And I know that in that article I barely scratched — or rather, barely touched — the surface of the decent-size mountain of thoughts I have accumulated about that topic. Perhaps writing that article was my subconscious’s not-so-subtle attempt to nudge me into finally writing down all these thoughts in an organized way. If so, that attempt was successful.
How That Book Would Be Different
Let’s be clear, it’s not like there is a shortage of books on the subject. Writers love writing about writing, this particular writer being no exception. A quick search on Amazon turns up hundreds upon hundreds of titles, all promising to teach their readers how to write well — and many successfully delivering on that promise.
There are books that focus on specifics parts of the writing process from plotting to editing, guides that teach the intricacies of constructing great dialog or creating compelling characters, and countless books that offer all-up overviews of writing in general. There are books written by bestselling authors, who talk about their writing journeys and techniques (which I, personally, find the most engaging reads on the subject). The bottom line is, not only there are many books on writing, but there are also quite a few great books on writing.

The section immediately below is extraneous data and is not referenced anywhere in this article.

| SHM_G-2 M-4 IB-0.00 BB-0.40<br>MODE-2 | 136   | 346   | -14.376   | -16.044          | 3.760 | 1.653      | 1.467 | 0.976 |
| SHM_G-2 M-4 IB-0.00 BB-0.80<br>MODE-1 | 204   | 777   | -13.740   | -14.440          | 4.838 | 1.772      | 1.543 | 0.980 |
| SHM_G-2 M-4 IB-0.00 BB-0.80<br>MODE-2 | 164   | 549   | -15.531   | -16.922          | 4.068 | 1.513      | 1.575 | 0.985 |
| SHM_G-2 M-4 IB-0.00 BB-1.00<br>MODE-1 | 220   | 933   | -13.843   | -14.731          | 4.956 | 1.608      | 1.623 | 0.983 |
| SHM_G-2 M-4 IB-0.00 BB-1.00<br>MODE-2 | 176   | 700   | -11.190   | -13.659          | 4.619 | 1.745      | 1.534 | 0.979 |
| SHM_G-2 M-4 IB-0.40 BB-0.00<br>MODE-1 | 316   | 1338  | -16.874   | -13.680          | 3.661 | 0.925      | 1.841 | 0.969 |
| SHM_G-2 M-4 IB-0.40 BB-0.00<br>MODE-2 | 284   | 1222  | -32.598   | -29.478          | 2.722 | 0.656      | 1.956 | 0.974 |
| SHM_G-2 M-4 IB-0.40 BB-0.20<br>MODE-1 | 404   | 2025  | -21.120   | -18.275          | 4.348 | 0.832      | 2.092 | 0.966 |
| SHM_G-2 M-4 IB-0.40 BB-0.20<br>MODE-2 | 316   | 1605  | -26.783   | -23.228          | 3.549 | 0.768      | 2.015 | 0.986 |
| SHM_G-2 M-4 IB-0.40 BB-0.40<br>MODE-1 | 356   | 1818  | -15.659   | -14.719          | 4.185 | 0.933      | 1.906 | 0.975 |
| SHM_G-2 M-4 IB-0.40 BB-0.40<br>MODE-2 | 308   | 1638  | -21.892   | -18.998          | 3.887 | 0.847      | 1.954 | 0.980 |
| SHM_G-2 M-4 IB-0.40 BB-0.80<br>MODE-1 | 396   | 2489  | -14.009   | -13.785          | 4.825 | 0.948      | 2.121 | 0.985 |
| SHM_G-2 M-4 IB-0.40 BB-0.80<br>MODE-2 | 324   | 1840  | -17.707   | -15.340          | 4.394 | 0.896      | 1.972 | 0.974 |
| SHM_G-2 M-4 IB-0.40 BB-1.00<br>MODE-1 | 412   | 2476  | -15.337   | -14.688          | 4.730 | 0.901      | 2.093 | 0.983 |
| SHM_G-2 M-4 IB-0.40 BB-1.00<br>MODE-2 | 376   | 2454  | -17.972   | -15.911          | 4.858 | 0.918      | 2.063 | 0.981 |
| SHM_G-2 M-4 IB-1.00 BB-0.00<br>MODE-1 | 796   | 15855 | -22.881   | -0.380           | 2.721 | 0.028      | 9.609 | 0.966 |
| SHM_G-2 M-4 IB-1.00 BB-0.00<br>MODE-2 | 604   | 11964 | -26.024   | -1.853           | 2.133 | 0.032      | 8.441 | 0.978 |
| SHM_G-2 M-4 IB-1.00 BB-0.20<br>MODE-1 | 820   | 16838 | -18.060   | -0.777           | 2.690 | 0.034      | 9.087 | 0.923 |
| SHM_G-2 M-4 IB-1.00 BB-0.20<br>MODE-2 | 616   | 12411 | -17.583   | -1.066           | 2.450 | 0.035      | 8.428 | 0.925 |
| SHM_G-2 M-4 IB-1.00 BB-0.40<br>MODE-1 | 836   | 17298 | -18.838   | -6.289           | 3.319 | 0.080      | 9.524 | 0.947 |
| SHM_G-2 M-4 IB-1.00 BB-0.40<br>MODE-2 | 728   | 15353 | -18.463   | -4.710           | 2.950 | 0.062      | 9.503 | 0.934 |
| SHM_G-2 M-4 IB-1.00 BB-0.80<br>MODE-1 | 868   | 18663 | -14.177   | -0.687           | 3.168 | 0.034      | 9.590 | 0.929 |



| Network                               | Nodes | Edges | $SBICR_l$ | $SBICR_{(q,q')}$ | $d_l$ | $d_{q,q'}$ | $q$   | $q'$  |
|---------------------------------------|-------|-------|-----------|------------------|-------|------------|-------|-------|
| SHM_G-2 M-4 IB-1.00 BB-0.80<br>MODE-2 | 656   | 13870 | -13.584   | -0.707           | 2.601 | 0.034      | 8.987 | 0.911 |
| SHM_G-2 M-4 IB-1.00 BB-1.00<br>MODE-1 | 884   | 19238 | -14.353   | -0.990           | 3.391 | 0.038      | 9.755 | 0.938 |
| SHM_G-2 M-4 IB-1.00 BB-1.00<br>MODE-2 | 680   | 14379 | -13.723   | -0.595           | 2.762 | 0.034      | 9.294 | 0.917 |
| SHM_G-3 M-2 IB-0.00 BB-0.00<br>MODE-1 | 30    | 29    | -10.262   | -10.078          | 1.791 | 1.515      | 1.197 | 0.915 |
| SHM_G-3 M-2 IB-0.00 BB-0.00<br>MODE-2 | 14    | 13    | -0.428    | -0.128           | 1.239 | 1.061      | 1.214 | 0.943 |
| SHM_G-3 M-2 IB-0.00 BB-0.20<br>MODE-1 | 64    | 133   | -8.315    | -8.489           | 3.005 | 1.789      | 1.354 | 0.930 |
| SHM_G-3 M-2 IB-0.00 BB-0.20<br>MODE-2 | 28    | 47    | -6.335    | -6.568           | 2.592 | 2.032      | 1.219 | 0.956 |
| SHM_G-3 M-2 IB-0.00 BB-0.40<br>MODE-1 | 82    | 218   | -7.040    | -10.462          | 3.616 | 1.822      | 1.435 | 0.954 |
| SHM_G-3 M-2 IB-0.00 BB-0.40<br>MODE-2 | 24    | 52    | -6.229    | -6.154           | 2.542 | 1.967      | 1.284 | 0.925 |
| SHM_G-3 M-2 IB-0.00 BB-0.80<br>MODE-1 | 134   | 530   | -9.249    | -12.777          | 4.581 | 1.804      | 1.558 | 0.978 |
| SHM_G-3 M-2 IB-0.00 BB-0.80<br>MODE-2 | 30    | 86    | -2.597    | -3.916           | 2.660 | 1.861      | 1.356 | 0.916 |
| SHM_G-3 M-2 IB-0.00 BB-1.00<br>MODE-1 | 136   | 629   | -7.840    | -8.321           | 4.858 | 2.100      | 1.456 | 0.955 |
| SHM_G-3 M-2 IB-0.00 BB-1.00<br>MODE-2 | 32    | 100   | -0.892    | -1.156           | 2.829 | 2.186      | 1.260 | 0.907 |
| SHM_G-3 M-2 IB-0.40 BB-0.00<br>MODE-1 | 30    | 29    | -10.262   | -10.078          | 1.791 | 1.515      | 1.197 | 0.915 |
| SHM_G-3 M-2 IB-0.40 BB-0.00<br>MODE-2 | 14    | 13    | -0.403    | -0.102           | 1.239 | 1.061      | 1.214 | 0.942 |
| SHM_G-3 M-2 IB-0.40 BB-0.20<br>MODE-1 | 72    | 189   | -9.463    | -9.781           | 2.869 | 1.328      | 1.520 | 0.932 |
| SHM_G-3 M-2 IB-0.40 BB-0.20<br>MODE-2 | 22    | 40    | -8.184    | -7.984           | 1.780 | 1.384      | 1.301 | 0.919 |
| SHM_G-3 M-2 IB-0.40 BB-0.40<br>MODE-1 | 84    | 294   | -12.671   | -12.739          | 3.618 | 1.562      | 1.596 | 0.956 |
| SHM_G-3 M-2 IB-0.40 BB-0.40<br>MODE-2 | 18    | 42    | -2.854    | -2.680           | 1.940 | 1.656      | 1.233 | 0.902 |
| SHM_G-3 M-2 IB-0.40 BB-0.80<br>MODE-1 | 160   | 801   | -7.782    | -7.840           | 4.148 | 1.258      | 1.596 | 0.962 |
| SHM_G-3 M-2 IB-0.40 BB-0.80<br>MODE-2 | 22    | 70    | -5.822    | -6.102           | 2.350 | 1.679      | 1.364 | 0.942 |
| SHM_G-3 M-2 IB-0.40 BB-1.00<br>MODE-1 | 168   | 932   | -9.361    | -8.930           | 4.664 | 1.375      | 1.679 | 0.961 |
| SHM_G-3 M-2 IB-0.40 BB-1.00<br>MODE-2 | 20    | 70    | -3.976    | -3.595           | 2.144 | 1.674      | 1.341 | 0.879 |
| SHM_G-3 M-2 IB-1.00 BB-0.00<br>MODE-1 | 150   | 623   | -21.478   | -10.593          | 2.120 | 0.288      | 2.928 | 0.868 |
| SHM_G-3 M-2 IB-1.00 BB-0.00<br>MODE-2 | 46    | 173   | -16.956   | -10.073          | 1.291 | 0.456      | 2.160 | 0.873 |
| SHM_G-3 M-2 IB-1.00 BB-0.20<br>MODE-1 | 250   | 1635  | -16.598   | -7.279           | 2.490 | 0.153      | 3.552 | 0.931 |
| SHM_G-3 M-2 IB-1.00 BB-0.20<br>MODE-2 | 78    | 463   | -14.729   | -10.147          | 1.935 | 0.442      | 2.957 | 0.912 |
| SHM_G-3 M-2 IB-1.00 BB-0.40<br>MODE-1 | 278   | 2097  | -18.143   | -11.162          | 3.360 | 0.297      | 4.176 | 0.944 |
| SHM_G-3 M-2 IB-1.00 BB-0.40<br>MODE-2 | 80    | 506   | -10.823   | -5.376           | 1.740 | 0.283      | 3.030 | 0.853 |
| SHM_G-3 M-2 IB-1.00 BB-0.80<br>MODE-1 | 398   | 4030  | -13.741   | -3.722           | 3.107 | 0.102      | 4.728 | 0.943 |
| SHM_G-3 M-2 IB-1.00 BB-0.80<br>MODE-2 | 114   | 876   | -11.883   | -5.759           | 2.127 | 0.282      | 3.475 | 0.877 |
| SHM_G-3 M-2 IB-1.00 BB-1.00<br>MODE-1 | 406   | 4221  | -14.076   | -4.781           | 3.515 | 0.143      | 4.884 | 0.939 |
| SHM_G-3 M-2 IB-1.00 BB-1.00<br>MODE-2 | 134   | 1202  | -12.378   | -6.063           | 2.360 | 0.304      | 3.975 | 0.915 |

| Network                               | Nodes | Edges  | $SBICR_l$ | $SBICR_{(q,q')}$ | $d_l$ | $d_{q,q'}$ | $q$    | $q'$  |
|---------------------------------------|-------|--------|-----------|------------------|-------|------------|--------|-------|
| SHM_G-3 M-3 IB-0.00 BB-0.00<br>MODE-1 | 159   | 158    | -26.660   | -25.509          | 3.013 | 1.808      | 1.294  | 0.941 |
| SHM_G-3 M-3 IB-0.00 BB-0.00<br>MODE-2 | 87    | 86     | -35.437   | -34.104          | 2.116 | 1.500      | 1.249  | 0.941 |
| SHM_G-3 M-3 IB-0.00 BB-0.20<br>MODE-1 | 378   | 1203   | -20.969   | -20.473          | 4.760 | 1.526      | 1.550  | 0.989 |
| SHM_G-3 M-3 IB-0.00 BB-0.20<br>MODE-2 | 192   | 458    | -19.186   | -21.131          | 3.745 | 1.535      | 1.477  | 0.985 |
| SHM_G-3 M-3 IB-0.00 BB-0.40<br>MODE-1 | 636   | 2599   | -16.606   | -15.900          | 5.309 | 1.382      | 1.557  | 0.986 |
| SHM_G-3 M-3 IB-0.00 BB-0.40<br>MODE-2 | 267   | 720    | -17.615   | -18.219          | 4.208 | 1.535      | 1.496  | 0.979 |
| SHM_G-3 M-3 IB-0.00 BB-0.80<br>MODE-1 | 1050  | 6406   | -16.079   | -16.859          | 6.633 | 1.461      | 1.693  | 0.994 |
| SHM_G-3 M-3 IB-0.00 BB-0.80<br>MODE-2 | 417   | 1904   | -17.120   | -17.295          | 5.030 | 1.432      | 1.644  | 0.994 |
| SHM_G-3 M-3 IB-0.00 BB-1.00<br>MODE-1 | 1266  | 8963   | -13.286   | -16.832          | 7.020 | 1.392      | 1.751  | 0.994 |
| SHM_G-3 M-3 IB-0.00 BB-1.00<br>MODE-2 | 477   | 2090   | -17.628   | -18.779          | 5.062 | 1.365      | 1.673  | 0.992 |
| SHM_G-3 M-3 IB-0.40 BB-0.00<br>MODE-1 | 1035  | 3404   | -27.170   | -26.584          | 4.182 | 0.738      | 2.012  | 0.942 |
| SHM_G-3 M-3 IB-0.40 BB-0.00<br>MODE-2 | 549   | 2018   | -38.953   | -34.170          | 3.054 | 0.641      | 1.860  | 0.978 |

So why bother adding another title to that vast collection?
Because this book would be an attempt to do something different. It’s won’t be a manual or a collection of techniques. It won’t be even a guide. I don’t plan to offer templates, instructions, or exercises.
Instead, I want to take my readers on a journey to discover — together — the common fundamental principles behind any powerful writing.
That journey would include taking a deep look at the essence of reading and writing, figuring out — based on the readers’ own experiences — what turns words into bursts of energy, and identifying the best ways to use that understanding for penning lines that truly move others.
Are You In?
So why do I ask whether you would be interested in reading such a book instead of just sitting down and writing it?
One, I’ve had my, rather significant, share of projects that were launched based on overly optimistic assumptions. That kind of project, which in my case range from books to companies, tends to take a lot of time, effort, and, in some cases, money, only to bring disappointing mediocre returns. I don’t want this book to become another one of these projects. And knowing whether it would find a sizable audience would certainly help to prioritize it against all other things I have on my plate.
Two, I don’t want the process of writing that book to be an equivalent of disappearing in a writer’s den and emerging six months later with a heavy manuscript. If anything, I want it to be the opposite of that. I want to listen to my future readers as I write that book. Which means, that instead of writing the whole book at once, I want to start publishing fragments of it as articles. I want to hear what you — the readers — have to say about my ideas and conclusions, and to use your feedback as the book takes shape.
So how interested would you be in reading those articles? In sharing your thoughts once you read them? In buying that book once it’s read? Any feedback, whether “yes, of course,” “thanks, I’m good” or anything in-between, would be very helpful.
In short, are you in?